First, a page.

However, the problems do tend to occur at a provincial and municipal level and the reasons for this are several. First of all there is underfunding, not as seriously as I’ve seen some news reports suggest, I have seen figures of R120 billion, R130 billion, R170 billion. We asked Sanral to do a national survey and the figure we have here is R64 billion for the totality of roads in our country. As you fall back from one year to another the conditions of the road gets worse and they deteriorate quite rapidly. So there is a big challenge here, part of an answer is to get more funding and every year we try to do that but as a Department we understand that there are many pressures on the Budget.

We have spend a lot of infrastructure and road infrastructure spend ahead of the 2010 World Cup on the major cities and after hosting the World Cup we can begin to shift both in terms of infrastructure but also public transport spending in general, operations and so on to focus much more on smaller towns and rural areas. So hopefully we can divert some of the spending in that direction, hopefully we can get a little more out of Treasury because Government is very committed to this infrastructure spend and one was very interested to hear the Minister of Finance in his Budget speech say that this has been our principle measure input and it has seen us through reasonably well through this major global recession.

The Minister of Finance has said that our commitment to this infrastructure spending is not over because hopefully the recession was over although he mentioned the possibility of a w rather than a v when it comes to future prospects globally and locally. There is this commitment and therefore I think post 2010 much of the infrastructure spending on the transport side has been 2010 related, airports and so on and hopefully we can now begin to focus on some of the other critical areas of infrastructure including municipal and provincial road infrastructure.

The question about learning something from the Sanral example, to be applied at provincial and local level. There is a provincial road agency established a few years ago, it functioned quite well and it was established on the Sanral model for the provincial level but if one wants to believe newspaper reports then there seems to be some challenges there in that provincial road agency. So the model is not necessarily the golden solution, one needs a good professionally run and clean road agency whether it’s a provincial or national level. The agency issue then relates to two things the capacity to project manage because the construction is contracted by private companies and that means the State has got to have the capacity to not just spend money and award tenders but to be able to manage effectively and monitor that. I think SANRAL has shown an ability to do that and what is quite interesting is that Sanral’s road network has increased to 16 000km and it’s due to go up to 20 000k m and that is partly because it’s signing memorandum of agreements with a number of provinces to also assist them with project management on some of their road maintenance and construction.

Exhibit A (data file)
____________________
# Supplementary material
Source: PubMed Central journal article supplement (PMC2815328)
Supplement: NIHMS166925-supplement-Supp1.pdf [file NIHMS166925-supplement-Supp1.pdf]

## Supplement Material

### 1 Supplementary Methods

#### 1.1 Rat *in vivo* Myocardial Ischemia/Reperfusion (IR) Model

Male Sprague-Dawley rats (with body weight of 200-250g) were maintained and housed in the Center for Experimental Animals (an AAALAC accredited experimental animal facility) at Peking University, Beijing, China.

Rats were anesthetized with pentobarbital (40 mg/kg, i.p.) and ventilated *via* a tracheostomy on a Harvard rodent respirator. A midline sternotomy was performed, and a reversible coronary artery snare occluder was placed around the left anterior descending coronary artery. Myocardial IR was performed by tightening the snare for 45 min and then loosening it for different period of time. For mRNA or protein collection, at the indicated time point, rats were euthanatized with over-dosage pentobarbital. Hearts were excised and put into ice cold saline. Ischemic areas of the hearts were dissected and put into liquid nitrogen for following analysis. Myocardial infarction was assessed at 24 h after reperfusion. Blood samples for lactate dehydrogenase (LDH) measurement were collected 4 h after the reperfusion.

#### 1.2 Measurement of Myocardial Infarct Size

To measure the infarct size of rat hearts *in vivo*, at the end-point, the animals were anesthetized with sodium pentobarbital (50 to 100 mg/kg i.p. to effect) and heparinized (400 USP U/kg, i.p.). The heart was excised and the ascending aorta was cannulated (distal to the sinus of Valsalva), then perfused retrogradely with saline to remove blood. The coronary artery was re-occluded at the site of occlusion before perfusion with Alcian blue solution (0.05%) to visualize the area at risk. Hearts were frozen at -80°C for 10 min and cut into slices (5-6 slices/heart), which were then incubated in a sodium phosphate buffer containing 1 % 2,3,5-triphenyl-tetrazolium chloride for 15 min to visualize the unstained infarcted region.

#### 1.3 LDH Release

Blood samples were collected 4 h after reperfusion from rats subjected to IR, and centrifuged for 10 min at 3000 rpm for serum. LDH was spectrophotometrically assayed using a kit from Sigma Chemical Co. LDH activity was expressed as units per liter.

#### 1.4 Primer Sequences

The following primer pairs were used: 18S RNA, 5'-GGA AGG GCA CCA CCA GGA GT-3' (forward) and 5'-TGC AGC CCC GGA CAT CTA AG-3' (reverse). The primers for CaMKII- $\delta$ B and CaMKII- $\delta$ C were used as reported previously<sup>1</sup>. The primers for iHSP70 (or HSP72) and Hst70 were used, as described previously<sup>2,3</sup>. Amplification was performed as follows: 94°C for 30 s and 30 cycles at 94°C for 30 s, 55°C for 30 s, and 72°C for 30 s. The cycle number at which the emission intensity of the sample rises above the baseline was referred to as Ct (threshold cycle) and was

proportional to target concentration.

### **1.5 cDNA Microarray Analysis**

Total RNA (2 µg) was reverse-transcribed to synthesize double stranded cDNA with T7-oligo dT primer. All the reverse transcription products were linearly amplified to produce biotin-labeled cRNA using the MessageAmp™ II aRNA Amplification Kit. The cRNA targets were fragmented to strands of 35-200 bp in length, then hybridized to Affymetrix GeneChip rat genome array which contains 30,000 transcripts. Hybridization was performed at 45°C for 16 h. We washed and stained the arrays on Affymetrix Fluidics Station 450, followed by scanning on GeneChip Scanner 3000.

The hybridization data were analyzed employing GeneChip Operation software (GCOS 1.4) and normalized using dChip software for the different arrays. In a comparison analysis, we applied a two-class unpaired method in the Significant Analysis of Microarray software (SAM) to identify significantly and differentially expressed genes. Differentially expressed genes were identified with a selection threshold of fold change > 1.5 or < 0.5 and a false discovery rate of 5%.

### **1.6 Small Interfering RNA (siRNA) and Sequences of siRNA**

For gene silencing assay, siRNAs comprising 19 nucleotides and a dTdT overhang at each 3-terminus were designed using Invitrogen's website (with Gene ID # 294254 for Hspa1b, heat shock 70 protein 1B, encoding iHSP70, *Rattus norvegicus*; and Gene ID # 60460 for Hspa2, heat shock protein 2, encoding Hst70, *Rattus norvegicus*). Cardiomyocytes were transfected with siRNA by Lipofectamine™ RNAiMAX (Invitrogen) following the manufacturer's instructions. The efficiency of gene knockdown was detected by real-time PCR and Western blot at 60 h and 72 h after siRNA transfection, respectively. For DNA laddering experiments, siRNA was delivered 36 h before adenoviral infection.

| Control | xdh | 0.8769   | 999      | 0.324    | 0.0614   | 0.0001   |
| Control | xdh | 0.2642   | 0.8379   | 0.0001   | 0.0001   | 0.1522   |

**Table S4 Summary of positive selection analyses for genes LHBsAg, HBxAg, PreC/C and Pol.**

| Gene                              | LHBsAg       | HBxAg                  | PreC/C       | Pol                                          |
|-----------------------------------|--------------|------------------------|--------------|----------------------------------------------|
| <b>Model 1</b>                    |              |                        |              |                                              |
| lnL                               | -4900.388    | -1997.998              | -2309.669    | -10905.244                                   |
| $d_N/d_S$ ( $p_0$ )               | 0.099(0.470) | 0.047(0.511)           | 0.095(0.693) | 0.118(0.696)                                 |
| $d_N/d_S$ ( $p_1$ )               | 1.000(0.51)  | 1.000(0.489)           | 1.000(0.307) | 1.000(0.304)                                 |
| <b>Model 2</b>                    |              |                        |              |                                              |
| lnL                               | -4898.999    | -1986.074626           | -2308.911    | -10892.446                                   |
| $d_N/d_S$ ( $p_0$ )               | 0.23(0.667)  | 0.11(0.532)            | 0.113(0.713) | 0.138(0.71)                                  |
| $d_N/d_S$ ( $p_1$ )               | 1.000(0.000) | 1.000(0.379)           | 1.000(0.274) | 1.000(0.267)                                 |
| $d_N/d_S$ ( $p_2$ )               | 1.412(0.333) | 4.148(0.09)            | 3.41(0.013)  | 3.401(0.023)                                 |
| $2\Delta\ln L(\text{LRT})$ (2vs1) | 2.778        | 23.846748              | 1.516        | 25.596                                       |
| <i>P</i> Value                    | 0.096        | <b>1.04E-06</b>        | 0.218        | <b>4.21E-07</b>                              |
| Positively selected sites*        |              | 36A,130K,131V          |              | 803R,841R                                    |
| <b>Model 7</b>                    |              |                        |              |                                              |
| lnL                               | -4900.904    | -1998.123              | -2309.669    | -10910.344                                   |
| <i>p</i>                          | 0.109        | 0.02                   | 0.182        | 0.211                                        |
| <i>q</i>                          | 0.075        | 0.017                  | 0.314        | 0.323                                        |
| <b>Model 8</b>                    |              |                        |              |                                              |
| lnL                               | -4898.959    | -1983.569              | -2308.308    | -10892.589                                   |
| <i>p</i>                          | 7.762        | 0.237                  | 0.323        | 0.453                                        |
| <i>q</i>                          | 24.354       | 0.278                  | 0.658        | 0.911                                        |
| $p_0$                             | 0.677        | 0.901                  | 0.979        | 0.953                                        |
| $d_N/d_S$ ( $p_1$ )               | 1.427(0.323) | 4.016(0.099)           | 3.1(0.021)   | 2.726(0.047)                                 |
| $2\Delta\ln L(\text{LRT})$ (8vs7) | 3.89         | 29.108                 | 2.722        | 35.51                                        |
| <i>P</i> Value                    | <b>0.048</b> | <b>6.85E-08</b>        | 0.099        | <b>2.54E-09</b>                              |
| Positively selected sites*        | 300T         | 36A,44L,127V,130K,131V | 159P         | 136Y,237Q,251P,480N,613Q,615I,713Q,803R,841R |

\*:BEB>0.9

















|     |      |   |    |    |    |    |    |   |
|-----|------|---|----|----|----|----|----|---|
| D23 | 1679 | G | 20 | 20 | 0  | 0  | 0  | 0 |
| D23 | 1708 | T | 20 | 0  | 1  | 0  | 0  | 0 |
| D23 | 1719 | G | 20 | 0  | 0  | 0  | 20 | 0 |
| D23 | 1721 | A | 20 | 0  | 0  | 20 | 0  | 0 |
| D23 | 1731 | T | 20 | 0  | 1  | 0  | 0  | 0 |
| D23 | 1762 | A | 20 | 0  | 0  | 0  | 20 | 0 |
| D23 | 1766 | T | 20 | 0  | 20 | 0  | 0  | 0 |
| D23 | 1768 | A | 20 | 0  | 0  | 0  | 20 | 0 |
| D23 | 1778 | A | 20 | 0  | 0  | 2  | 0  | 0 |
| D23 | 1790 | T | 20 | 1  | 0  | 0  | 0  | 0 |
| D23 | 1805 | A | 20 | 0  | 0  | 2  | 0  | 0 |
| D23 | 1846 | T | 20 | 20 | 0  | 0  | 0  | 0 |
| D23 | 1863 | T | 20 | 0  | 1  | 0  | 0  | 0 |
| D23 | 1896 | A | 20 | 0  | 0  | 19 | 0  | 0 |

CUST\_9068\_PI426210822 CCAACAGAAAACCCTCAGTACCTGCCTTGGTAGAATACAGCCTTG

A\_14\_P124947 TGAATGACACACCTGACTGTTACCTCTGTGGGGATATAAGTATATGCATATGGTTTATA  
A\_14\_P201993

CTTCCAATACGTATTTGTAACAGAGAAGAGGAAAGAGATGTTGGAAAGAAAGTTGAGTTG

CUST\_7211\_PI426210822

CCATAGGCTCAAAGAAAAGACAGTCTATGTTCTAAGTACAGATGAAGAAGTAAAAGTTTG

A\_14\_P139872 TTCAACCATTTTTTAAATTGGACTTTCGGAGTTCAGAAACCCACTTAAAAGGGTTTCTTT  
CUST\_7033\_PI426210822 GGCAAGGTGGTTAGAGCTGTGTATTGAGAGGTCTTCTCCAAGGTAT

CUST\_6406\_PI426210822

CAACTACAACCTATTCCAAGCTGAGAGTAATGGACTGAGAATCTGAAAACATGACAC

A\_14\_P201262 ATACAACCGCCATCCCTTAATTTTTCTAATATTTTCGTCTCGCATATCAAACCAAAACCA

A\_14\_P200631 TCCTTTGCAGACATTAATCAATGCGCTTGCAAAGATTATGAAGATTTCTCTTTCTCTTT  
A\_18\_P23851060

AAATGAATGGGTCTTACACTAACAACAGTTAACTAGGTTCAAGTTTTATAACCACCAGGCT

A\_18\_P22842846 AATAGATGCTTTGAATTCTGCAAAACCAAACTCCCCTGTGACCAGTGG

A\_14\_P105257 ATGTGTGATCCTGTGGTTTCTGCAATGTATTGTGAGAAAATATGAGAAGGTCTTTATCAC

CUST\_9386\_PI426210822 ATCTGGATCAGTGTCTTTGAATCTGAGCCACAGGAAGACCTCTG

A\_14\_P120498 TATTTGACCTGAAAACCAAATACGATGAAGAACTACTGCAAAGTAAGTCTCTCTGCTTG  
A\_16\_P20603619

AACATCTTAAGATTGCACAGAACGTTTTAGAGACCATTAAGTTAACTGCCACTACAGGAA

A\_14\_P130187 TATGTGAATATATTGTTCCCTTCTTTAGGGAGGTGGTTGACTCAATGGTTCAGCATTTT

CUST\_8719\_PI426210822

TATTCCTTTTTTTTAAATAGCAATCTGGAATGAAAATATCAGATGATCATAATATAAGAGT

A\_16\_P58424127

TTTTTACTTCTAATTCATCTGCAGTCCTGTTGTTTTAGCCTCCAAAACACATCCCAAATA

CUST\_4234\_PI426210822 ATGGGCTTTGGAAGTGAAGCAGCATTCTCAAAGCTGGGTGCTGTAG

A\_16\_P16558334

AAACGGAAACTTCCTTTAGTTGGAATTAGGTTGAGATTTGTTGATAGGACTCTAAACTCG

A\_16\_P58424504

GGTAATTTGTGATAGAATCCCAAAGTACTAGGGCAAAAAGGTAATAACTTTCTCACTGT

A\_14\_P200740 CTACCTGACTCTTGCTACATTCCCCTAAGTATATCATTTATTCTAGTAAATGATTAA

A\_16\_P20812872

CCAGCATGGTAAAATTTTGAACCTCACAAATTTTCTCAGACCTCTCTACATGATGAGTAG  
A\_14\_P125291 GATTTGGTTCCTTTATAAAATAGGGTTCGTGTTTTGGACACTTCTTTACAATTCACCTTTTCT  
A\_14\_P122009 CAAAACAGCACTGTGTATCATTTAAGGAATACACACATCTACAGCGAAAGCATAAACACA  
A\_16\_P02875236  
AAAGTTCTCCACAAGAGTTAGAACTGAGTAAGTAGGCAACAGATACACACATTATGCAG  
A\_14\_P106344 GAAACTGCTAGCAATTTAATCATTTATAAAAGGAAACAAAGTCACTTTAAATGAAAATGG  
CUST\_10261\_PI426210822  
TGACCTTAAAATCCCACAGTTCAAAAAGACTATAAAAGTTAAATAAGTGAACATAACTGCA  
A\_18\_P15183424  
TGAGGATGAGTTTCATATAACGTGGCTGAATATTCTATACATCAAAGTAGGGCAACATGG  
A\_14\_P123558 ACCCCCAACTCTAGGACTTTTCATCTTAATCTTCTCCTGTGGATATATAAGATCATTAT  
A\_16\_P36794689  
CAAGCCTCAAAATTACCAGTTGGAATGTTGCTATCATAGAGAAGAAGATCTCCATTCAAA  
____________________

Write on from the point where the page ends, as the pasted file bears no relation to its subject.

The whole area of tenders is a massive challenge and there is a lot of money devoted through the Budget either nationally or at sub-national level in one form or another and it simply doesn’t hit the tar or becomes very shallow and that is partly weaknesses in the ability to project manage but there are other challenges as well and we need to look at the dangers of corruption and so on in this area.

The other difficulty is that much of the allocation for roads at the sub-national level is just on the equitable share basis and what we see with this infrastructure and other forms of infrastructure as well is that allocations for roads for instance ends up addressing some other provincial crisis, salaries or whatever and so we are discussing with treasury how we can effectively move to ring fence funding for instance road infrastructure and other forms of infrastructure.

That has worked very nicely with what’s called the Public Transport Infrastructure Systems Grant which we have used for the 2010 infrastructure so we have related directly to cities and we are pleased with what Cape Town is doing, what Johannesburg has done and so on with this dedicated ring fence funding for infrastructure and the BRT and other Integrated Rapid Transit Systems.